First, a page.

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What’s the difference between Weather and Climate?

Credit: CCCCC

Credit: CCCCC

Our climate is changing, but do you know the difference between Climate and Weather?

Climate and weather have one difference. Weather measures the conditions of the atmosphere, through temperature, humidity, wind and precipitation, over a short period of time (day, week and month). Climate is the average weather for a particular region and time period, usually taken over 30 years. The climate system is very complex and studying it does not only mean looking at what is going on in the atmosphere but also in the ground, oceans, glaciers and so forth.

Climate change doesn’t mean variability will stop, in the same way that climate change won’t cause hurricanes to stop in the Caribbean. What is happening in Europe can be attributed to the natural variability effect; there’s late winter effect and early winter effect. So this must be seen in a global sense.

While Europe may be experiencing a late winter, others might be experiencing an early spring effect. Last year, in the United States, they had very early spring

~Dr Kenrick Leslie, CBE, Executive Director, Caribbean Community Climate Change Centre

Interview with the Jamaica Observer, June 2013

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Credit: CCCCC

Credit: CCCCC

 

Parrotfish ban

Parrotfish

Parrotfish

JAMAICANS love parrotfish. Steamed, fried or roasted, the brightly coloured sea creature is a common feature on many a dinner plate. It’s also a favourite at the beach and at roadside eateries on the weekend.

But the enjoyment could soon come to an end as local and international groups are lobbying for a parrotfish ban. The arguments are that: 1) the fish clean coral reefs by eating the algae that grows on them, and 2) they excrete sand, which is one way of countering beach erosion.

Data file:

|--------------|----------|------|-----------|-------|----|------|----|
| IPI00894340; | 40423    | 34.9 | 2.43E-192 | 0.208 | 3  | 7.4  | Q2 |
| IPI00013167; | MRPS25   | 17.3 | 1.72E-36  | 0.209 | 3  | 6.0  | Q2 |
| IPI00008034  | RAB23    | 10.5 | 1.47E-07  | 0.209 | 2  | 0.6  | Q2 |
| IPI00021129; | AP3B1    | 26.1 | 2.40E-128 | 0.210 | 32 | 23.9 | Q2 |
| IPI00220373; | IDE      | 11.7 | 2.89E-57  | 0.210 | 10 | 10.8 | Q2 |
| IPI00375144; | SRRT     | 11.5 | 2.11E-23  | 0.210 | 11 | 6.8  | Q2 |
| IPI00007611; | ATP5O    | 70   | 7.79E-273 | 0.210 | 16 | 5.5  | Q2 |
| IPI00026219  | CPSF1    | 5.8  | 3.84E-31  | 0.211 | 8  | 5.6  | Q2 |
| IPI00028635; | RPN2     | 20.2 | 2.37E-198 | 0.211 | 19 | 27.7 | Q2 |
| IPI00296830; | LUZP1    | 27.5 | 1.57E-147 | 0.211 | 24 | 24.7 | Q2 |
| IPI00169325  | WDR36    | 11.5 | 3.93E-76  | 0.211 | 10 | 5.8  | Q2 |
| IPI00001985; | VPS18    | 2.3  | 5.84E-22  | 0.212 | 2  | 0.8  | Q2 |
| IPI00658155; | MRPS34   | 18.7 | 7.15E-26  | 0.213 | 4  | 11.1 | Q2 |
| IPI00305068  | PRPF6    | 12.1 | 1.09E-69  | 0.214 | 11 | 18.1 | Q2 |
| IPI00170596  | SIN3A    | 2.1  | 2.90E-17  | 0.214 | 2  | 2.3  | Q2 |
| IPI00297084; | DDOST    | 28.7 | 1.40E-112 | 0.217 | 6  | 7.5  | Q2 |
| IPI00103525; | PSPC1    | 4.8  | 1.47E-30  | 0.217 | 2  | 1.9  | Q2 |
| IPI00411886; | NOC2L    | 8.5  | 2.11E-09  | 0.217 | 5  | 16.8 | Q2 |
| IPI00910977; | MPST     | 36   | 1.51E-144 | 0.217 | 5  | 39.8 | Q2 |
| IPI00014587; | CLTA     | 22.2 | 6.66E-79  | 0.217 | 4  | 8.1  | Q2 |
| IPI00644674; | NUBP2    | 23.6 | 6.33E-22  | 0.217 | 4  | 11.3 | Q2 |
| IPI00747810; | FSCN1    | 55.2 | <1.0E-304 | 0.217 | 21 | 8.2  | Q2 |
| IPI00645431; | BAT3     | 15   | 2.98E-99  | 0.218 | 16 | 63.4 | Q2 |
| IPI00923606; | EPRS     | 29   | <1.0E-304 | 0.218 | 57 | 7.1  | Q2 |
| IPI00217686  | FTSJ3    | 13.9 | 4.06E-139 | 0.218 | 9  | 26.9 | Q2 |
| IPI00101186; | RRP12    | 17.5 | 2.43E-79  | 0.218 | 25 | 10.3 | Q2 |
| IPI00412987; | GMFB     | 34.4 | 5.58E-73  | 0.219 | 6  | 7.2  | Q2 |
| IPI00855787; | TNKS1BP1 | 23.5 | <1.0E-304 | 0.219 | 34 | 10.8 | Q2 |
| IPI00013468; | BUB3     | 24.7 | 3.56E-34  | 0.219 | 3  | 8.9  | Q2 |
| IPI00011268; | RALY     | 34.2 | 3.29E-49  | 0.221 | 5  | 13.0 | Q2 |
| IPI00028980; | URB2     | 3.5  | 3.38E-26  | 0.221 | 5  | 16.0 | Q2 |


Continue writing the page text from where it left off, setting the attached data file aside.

Lenbert Williams, director of projects with the Negril Coral Reef Preservation Society, told the Jamaica Observer Monday that the parrotfish should be declared an endangered species in order to solve both problems or at least stem the tide of degradation.

“A mature parrotfish can weigh up to 40 lbs and in its lifetime it generates about 800 lbs of sand.So every time you eat a parrotfish you are denying the beach of 800 lbs of sand,” he said.

He explained that the parrotfish population is at risk from overfishing, as well as from the predatory lionfish. In addition to preserving them, he said, complementary measures such as replanting corals and sea grass beds were necessary.

Just last week, a study released by the International Union for Conservation of Nature (IUCN), the world’s oldest and largest global environmental organisation, recommended that parrotfish be listed as a specially protected species under the Protocol Concerning Specially Protected Areas and Wildlife (SPAW Protocol).

Its focus was coral reef preservation, rather than sand production, although the two are intrinsically related.

The study, titled ‘Status and Trends of Caribbean Coral Reefs: 1970-2012’, is the result of three years of work by 90 experts from the IUCN as well as the Global Coral Reef Monitoring Network and the United Nations Environment Programme.